The company, which is currently known as NPO Saturn, was originally founded in 1916 in the Russian city of Rybinsk. It is currently part of the Rostec state corporation, a major company manufacturing a wide range of civil and military products.
Over the course of its century-long illustrious history, the company has come a long way from being a simple automotive plant to a sprawling manufacturing complex that supplied engines for Russian civilian and military aircraft.
A Sputnik Brazil correspondent visited the VolgAero plant – a joint venture established by NPO Saturn and French tech conglomerate Safran in 2005 — where the PowerJet SaM146 turbofan engines are manufactured.
During a tour of the facility, the journalist was able to learn how these powerful engines are produced.
"When it comes to engine assembly, quality becomes the main criteria; we’re talking about manned flights here, so that means a huge responsibility, there’s no room for error," assembly area chief Mikhail Sasarin said.
He explained that prior to the assembly process the technicians compile a special checklist in order to meticulously inspect the functionality of all of the components and the associated documentation. Only after this step is completed do the company’s highly skilled specialists begin the assembly, with the whole process lasting about four to five days.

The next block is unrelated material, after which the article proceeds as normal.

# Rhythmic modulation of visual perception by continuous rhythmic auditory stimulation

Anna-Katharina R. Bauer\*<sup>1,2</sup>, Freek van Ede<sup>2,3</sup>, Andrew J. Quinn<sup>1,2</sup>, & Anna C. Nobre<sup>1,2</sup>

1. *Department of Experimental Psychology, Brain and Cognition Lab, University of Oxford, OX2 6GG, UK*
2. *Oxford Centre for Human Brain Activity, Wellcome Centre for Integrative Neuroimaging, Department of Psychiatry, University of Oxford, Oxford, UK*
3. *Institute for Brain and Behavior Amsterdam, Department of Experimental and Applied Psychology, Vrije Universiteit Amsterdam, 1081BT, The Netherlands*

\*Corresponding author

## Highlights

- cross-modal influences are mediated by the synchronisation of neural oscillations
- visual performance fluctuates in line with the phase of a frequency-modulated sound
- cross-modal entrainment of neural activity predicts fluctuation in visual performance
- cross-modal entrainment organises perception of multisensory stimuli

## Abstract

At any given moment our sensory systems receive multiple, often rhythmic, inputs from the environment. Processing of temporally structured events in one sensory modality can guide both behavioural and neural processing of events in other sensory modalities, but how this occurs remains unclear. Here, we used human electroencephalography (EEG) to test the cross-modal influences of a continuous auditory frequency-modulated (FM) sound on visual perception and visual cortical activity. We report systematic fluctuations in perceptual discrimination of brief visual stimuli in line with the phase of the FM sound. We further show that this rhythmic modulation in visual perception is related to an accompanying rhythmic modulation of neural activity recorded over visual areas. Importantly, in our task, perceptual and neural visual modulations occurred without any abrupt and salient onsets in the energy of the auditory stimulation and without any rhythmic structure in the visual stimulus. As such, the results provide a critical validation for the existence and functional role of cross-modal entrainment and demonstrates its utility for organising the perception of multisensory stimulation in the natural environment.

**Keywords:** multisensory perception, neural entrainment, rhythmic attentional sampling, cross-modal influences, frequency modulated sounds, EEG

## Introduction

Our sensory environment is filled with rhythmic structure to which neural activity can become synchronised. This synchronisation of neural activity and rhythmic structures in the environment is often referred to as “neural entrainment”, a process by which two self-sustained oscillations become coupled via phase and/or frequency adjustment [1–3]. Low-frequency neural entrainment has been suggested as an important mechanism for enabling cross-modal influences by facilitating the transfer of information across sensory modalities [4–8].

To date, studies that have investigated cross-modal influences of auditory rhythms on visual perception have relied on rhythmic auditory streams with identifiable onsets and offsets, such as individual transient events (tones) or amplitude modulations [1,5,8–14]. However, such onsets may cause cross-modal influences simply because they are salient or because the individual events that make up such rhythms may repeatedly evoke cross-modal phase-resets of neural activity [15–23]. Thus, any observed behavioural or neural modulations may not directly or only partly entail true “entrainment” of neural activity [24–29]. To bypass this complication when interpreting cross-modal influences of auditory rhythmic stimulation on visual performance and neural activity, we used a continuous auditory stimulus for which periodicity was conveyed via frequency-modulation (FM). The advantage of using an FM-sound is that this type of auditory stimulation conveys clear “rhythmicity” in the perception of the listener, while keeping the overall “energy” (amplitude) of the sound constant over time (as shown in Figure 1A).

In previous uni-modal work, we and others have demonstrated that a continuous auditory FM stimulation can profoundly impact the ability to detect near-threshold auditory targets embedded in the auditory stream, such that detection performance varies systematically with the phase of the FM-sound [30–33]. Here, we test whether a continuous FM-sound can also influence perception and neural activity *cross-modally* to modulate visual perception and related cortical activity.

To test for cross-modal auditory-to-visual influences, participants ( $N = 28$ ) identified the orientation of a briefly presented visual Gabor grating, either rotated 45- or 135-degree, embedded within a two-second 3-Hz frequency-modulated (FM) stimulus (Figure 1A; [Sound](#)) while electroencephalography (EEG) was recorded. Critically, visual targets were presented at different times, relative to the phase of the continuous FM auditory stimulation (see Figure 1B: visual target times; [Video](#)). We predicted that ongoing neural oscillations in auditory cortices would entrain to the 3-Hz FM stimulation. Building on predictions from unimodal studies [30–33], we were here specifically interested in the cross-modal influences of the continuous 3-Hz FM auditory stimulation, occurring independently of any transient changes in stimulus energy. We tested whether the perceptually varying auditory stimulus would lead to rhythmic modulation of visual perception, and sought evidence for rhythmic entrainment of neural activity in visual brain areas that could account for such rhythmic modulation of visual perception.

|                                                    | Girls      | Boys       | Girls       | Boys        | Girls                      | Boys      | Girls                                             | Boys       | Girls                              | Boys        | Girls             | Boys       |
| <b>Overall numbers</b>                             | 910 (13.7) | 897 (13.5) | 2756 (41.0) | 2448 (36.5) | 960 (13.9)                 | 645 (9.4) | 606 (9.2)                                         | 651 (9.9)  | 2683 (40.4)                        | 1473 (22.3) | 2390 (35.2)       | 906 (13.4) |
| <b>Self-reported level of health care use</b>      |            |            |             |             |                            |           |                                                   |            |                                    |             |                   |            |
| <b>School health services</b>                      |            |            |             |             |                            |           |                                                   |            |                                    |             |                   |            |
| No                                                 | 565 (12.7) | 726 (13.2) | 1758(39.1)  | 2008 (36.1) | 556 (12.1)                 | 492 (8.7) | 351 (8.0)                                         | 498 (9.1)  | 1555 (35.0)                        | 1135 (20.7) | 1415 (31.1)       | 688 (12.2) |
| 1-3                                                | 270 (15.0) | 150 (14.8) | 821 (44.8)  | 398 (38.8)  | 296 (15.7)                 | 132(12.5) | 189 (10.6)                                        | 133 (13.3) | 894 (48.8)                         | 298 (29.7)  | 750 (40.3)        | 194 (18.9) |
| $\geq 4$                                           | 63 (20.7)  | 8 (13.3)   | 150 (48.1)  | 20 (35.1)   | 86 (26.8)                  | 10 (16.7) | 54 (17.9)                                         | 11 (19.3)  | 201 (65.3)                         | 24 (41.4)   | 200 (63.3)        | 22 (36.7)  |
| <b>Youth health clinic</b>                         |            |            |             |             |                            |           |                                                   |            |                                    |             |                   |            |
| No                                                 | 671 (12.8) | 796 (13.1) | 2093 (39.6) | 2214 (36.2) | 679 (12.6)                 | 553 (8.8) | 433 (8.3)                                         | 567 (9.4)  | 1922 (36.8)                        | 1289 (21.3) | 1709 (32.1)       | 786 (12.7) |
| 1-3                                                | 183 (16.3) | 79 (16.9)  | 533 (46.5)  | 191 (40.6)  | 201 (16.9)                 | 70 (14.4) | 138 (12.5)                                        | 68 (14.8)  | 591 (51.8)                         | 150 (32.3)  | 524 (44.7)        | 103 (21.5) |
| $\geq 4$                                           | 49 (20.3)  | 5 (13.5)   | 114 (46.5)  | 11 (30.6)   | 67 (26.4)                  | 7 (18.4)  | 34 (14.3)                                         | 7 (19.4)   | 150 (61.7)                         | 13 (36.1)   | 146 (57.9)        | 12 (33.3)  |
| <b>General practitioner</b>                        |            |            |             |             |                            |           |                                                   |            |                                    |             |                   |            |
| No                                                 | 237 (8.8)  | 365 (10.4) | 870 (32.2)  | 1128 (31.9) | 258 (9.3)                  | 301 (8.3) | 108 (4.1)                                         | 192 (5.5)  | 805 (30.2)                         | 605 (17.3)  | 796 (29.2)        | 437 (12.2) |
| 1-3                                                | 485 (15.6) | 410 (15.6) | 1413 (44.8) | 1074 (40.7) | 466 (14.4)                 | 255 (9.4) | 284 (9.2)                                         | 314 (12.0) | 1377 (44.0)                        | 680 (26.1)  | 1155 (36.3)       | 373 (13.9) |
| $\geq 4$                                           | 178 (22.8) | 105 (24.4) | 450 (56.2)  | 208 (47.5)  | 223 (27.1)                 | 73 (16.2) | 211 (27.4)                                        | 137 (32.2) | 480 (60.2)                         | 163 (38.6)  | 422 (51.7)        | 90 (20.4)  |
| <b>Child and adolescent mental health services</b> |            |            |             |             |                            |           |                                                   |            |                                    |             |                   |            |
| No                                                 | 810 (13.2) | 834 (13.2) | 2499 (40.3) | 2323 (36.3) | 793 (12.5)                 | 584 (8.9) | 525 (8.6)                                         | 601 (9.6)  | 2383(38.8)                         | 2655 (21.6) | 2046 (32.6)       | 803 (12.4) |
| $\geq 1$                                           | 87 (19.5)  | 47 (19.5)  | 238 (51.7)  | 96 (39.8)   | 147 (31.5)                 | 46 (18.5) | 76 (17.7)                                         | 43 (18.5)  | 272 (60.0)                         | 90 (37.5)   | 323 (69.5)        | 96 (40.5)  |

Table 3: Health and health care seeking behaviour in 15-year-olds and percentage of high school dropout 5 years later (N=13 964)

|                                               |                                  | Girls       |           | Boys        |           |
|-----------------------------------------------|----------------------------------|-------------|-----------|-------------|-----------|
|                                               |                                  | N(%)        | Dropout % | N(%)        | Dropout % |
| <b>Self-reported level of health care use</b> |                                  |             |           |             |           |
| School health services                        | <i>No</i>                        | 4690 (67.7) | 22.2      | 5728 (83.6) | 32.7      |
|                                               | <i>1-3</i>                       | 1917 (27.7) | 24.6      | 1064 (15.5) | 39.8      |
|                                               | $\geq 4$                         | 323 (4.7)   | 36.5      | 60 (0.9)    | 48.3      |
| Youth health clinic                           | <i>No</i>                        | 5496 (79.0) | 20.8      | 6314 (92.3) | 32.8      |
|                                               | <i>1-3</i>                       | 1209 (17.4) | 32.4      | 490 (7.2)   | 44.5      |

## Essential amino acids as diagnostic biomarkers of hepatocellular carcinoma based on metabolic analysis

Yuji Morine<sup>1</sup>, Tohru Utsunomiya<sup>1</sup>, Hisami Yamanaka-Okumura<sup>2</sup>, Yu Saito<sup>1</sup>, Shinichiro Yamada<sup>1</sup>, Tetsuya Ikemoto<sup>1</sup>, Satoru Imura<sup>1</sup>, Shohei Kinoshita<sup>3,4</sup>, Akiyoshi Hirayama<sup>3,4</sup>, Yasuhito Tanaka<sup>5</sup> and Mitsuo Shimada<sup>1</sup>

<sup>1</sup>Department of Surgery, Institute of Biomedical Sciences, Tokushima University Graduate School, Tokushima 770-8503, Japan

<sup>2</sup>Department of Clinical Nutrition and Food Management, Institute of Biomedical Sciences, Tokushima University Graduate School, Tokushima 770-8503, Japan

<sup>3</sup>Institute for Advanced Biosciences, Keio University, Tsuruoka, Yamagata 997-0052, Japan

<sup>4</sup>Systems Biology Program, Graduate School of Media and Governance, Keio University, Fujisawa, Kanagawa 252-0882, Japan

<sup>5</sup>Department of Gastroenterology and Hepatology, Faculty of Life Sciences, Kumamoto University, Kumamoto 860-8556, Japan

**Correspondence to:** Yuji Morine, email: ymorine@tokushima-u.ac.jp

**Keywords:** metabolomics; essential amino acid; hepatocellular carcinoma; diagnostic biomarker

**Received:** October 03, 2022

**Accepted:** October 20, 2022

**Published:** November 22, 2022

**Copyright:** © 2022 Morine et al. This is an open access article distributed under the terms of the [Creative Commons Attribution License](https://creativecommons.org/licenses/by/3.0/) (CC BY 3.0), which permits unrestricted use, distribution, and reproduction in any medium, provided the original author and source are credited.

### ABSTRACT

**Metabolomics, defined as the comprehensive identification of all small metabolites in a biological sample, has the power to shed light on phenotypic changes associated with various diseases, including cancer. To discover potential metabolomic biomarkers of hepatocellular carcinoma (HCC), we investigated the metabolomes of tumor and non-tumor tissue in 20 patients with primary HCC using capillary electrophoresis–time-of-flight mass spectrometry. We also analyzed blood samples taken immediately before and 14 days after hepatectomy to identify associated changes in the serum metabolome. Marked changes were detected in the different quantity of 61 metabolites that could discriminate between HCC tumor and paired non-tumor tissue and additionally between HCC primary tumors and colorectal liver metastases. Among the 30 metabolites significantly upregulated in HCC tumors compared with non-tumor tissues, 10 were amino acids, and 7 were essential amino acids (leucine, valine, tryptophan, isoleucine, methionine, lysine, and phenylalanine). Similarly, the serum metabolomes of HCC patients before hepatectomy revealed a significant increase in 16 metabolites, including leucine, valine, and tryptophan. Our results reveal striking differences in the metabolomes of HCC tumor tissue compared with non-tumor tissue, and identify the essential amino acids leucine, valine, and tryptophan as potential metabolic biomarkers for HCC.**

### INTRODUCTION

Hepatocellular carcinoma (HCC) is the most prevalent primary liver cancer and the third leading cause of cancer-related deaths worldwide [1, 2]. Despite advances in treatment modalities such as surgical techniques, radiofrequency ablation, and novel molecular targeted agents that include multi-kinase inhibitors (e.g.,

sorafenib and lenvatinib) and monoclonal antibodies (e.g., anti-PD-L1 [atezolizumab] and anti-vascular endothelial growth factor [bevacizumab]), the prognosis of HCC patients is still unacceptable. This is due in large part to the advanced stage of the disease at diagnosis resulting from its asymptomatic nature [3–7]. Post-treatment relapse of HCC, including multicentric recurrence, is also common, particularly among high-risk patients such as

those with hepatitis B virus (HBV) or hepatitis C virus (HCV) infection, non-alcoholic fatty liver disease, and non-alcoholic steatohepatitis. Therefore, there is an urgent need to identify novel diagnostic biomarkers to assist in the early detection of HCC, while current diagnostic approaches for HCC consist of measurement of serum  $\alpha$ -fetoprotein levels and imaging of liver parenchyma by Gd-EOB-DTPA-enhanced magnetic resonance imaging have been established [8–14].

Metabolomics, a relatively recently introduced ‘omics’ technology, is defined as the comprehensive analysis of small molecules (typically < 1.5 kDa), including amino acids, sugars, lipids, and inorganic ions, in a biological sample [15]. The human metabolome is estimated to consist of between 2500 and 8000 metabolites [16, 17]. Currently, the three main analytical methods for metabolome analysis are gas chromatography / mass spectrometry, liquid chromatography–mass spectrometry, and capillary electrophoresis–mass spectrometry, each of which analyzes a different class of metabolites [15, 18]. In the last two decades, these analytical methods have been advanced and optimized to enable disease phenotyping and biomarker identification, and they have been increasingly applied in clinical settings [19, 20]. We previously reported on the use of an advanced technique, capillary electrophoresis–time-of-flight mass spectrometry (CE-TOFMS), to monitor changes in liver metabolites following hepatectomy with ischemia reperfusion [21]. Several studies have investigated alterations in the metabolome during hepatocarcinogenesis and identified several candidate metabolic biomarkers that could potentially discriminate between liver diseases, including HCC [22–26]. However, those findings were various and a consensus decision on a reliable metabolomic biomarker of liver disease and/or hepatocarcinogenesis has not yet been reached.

Once the assembly is over, the testing begins. During this process, which lasts for at least a day, the engine is subjected to simulated flight conditions, allowing the technicians to gauge their creation’s performance and spot any possible defects.
The entire testing process is controlled remotely from a room resembling an actual pilot’s cockpit.
Roman Lyubimov, head of the testing area, said that the test stand they employ allows NPO Saturn technicians to monitor up to 1,000 different parameters during the testing process, including thrust, fuel consumption rate, gas and liquid pressure, engine temperature, etc.
And once the testing process is complete, the engine is then ready to be shipped and installed on an aircraft – for example, the PowerJet SaM146 engines are being sent to a plant in Komsomolsk-on-Amur to be fitted on Sukhoi Superjet 100 airliners.
And it appears that even the economic sanctions imposed against Russia by several Western states in 2014 did little to stop Saturn’s advance into foreign markets.
Mikhail Berdennikov, an NPO Saturn representative and head of the SaM146 project, told Sputnik that the company "does its part" in producing aircraft engines for civil aviation workhorses like the Airbus A320 and the Boeing 737.
"We seek to be competitive and to become a world-class supplier. And now we stand a good chance to do so," he said.